Bombs, exile, human trafficking, enforced disappearances…: children in Ukraine in a “chaotic” situation

Blocked or displaced by the bombs, during sometimes poorly monitored initiatives and relocated to countries across trafficked border areas, the tens of thousands of children housed in institutions in Ukraine are in a “chaotic” situation, NGOs and experts warn.

Ukraine is an exceptional case, with the largest number of children in Europe (estimated at least 100,000 by UNHCR) in a vast closed and often dysfunctional network of orphanages, boarding schools or facilities for the disabled.

So there was” Tens of thousands of children living in these facilities before the war, it’s huge… observes Geneviève Colas, coordinator of the “Together Against Human Trafficking” collective for Secours Catholique Caritas France.

For most of them, the situation is today chaotic ” says Halyna Kurylo, representative of the Human Rights Group (DRI) in Ukraine. “
Many institutions were arbitrarily evacuated; Some children are left out because they cannot move due to their disability. Facilities have joined and merged with others in the west of the country, the places must be overcrowded… In the confusion, children can get lost

For a group of children aged 5 to 14 from a facility in Nijine, it was an odyssey of almost 1,000 km from eastern to western Ukraine that they undertook a dozen days ago to escape the bombs, says Marieta Director of the facility, by phone.

This center takes in children whose families are unable to care for them due to poverty, alcoholism or drug problems. ” The Russians were approaching; the children heard shots, detonations. It’s traumatic for her… “. Some relatives come to pick up the children, but for seven of them it is not possible to pick them up due to access problems. The authorities decide to evacuate them in a bus with the curtains drawn and they are in another facility in Nijni Vorota, 24 hours away by bus, near the Slovakian border.

The fights… and the other dangers

In addition to the danger of battle, these children face other dangers. In Ukraine, these institutions constitute “ a huge disorganized system with little control; In the chaos of this war, children are easy prey for criminal organizations warns Eric Rosenthal, founder and CEO of DRI.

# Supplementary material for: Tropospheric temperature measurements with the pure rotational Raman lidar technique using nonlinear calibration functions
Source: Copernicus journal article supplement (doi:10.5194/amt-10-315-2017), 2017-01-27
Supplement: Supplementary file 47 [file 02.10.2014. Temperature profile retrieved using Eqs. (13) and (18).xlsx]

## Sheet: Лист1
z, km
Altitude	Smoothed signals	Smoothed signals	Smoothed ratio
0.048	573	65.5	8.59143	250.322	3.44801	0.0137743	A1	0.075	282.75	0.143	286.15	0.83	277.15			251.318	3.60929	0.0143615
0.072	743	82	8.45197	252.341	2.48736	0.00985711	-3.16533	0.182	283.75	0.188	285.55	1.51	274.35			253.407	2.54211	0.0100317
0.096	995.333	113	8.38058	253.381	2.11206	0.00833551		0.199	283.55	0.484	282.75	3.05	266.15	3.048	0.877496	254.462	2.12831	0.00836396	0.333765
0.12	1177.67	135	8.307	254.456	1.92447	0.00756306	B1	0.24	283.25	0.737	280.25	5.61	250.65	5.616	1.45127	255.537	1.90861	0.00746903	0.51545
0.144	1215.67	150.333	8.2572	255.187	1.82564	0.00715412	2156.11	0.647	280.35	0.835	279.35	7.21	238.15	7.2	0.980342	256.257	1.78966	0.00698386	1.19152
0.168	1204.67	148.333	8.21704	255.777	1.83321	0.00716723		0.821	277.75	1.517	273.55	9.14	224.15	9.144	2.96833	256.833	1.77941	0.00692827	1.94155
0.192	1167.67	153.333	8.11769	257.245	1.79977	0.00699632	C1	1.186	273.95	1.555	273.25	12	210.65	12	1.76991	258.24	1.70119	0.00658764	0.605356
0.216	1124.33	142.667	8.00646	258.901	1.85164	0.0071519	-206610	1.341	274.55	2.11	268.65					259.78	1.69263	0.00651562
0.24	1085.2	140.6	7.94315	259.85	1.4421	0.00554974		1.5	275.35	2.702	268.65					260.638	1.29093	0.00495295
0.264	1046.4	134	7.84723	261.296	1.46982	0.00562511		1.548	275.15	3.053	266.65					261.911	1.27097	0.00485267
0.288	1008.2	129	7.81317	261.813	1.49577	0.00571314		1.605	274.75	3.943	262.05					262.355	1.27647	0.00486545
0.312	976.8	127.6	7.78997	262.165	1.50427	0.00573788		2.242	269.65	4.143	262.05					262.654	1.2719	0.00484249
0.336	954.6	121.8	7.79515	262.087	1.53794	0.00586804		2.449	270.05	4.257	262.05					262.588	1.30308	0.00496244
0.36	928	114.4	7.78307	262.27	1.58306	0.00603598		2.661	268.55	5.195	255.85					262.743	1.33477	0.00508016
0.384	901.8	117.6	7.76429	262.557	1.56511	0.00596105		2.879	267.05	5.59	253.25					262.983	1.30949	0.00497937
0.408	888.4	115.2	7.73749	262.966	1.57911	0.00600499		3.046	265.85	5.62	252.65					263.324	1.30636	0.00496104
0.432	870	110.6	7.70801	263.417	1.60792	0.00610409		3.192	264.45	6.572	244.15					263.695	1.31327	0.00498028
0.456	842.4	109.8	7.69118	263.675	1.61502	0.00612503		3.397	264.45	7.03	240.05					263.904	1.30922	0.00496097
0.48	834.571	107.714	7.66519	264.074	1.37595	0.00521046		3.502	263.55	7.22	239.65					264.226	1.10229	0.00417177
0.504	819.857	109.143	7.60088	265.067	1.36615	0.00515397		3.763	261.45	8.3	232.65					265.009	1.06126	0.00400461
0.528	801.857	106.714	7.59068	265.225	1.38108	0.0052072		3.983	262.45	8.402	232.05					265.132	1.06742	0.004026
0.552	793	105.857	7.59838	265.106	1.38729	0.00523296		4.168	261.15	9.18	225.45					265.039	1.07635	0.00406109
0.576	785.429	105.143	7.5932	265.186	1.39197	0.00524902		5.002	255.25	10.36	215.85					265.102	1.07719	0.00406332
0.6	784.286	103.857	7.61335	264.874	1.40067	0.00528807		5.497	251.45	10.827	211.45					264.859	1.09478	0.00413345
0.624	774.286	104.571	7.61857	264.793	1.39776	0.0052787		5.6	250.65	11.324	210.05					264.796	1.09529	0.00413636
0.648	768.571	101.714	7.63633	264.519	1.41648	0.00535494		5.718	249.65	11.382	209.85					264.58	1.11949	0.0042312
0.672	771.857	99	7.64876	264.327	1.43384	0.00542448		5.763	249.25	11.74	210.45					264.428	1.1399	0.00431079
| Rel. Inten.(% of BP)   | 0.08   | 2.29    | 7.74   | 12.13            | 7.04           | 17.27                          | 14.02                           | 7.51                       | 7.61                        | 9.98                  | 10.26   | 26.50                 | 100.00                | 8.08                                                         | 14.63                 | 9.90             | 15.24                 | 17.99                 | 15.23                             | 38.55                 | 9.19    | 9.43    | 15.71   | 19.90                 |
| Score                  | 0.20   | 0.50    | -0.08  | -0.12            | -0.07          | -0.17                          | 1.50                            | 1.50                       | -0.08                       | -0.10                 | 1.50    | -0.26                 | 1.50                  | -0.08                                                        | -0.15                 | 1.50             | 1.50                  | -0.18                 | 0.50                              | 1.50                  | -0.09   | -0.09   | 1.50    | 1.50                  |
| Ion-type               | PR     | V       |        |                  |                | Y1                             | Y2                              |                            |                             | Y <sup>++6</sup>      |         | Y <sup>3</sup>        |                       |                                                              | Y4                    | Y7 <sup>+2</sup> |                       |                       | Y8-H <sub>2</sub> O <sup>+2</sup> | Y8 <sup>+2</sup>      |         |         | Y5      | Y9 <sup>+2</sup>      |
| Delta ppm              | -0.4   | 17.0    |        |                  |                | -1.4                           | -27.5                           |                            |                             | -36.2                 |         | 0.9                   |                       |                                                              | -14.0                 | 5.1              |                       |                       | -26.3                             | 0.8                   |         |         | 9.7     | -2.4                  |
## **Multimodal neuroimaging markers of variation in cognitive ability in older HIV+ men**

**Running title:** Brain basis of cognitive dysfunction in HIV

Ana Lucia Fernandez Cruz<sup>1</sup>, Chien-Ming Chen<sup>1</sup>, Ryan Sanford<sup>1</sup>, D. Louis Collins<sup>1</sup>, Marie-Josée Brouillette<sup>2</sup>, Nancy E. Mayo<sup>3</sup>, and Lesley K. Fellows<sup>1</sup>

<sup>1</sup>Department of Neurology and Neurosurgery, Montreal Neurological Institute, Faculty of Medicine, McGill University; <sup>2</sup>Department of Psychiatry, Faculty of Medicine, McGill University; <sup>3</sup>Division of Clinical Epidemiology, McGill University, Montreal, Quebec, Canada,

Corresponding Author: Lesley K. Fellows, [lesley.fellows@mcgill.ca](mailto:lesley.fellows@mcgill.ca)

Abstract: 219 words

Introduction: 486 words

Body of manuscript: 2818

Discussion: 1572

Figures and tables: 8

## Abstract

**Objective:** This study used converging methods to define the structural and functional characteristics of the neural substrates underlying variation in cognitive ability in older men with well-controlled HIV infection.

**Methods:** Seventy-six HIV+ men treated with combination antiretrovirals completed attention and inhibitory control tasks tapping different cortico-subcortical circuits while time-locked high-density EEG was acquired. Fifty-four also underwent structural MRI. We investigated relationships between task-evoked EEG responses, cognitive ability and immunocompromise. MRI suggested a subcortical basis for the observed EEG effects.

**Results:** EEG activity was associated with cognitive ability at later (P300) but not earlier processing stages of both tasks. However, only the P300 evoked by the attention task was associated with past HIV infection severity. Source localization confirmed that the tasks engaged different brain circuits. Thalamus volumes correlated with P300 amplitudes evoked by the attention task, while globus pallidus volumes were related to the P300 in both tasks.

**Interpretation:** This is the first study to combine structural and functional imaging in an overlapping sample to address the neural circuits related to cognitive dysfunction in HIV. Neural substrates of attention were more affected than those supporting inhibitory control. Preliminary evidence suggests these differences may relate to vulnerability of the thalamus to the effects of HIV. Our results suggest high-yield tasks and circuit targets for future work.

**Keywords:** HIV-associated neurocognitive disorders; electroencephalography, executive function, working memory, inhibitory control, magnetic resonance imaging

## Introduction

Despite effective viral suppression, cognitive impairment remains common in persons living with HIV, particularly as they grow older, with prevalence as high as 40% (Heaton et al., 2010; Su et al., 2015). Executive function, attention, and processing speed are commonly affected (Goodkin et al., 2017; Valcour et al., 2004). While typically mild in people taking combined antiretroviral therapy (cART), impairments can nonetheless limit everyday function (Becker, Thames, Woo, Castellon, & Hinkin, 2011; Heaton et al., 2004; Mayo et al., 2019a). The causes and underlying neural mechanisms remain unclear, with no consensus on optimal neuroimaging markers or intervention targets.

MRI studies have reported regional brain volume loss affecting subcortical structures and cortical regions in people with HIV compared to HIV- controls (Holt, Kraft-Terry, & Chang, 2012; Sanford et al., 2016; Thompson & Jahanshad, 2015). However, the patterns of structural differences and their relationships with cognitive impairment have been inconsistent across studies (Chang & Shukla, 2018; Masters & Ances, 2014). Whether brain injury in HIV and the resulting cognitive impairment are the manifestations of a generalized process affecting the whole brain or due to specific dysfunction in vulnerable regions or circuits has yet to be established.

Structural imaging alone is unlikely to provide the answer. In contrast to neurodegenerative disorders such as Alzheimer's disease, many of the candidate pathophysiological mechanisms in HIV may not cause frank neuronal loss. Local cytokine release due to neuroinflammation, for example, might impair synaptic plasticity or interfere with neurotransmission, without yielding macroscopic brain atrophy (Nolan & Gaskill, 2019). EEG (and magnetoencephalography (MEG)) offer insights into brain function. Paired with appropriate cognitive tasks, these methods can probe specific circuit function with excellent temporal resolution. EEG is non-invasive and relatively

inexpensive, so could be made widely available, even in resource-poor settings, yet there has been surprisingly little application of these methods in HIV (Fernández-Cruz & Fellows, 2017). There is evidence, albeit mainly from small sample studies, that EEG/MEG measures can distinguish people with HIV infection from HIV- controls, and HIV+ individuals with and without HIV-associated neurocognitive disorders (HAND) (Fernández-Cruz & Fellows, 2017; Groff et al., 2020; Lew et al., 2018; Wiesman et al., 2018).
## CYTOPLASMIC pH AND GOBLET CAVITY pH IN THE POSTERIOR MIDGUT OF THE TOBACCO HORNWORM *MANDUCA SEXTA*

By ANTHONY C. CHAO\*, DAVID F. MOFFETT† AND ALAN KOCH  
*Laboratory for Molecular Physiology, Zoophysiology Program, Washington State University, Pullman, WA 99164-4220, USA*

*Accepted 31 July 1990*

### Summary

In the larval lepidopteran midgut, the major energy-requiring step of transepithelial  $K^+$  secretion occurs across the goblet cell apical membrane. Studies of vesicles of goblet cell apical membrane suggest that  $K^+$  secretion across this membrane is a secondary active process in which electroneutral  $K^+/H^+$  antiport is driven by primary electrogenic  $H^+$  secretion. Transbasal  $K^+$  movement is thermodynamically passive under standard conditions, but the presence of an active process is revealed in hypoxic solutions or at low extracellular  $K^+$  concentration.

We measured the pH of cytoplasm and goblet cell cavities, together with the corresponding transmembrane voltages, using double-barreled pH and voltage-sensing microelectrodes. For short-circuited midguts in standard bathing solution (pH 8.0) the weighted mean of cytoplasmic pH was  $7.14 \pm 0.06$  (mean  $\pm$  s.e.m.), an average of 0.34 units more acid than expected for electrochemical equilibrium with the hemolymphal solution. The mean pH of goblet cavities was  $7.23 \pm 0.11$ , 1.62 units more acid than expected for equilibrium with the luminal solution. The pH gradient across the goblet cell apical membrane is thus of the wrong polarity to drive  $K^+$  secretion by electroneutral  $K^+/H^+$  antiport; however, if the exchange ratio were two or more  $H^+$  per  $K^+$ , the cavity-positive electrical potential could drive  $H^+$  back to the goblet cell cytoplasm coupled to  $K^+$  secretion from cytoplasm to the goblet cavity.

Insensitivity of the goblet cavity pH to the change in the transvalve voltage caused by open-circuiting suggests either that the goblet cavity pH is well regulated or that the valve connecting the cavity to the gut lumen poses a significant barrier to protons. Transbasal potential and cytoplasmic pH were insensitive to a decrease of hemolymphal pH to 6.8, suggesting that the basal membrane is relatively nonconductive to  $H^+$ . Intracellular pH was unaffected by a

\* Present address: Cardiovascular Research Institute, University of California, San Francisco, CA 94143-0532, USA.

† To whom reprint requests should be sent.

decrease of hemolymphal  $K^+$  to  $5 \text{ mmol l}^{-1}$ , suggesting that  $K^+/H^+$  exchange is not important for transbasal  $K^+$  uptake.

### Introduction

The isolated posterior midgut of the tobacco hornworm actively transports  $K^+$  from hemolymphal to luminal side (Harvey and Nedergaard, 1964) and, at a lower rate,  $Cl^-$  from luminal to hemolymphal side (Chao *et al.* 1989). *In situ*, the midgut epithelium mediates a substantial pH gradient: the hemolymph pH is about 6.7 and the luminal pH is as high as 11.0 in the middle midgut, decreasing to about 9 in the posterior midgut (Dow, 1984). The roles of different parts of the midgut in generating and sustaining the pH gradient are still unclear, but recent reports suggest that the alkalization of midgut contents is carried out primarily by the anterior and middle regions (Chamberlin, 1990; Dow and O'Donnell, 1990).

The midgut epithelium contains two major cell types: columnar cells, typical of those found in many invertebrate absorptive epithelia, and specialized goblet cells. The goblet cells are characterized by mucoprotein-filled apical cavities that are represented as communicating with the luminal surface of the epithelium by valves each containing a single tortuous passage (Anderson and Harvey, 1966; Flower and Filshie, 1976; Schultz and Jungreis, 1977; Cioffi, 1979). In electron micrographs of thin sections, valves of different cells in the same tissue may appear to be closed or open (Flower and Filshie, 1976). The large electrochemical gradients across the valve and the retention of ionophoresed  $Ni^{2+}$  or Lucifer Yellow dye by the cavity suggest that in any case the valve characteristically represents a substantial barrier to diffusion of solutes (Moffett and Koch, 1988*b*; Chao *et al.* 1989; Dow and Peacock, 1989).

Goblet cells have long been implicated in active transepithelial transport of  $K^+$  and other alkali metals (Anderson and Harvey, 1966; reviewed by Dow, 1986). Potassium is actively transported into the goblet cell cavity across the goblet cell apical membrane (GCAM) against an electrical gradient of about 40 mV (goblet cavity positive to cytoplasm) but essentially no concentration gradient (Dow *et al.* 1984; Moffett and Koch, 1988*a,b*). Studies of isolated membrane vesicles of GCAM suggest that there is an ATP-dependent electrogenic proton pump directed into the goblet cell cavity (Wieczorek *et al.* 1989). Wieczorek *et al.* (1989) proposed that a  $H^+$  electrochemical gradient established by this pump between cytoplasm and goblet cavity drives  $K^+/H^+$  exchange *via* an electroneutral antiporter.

Ukraine has been a cause of concern for years and has been the scene of abuse in some orphanages (daily forced labor in private households to do housework, sexual exploitation, etc.). Before the war, allegations of illegal adoption or organ trafficking were brought in this poor country, adds Mr. Rosenthal.

About 70,000 children in care were living in areas that have been or have been under shelling since the Russian invasion began on February 24, according to the NGO network Ukrainian Child Rights Network (UCRN).

Around 31,000 children who still had parents or legal guardians have returned home, but their situation is alarming when these people cannot receive them properly.

The “chaos” of the evacuations

Colleen Holt Thompson, 55, an American from Kentucky and a regular volunteer in Ukraine since 2006 with orphanages through a network of American adoptive parents, joined a heart cry in Lviv, western Ukraine. As the adoptive mother of six Ukrainians, she arrived urgently in Lviv on March 3 to help evacuate orphans and continue her adoption process for a teenager, Maure, started three years ago.

She was stunned by the “chaos” of the evacuation of many orphans abroad. Colleen Holt Thompson claims to have received calls disturbances by a person who asked him for the list of children from an orphanage his network was trying to evacuate from Mariupol, particularly children affected by adoptions in the United States. ” I tell you, there are children who will never return to Ukraine, others who will be lost, and there are currently thousands of children in hotels, camps, in private homes, with people who are not sure if they are educated or just trustworthy “, she lets go.

According to official figures from the end of March, 3,000 foster children were transferred abroad, mainly to Poland, Germany, Italy, Romania, Austria and the Czech Republic.

Rules for the evacuation and surveillance of these groups of children have been issued by the government since March 12, but according to the NGOs, there is still a lot to be done.


There are also risky situations at the borders. Thomas Hackl from Caritas Romania, who has opened a center at the Siret border crossing, testifies that his team recently stopped a man trying to bring two young Ukrainian women to Italy. ” We know that human traffickers mingle with the population and offer a means of transport. There were many signs that we didn’t trust this man: he was too insistent, he wanted to take her to a certain place and not somewhere else… There are many stories like this one ».

From the beginning of the war, Caritas collected testimonies from people who passed through Poland and who “ a shelter against sexual exploitation, “house against sex”.

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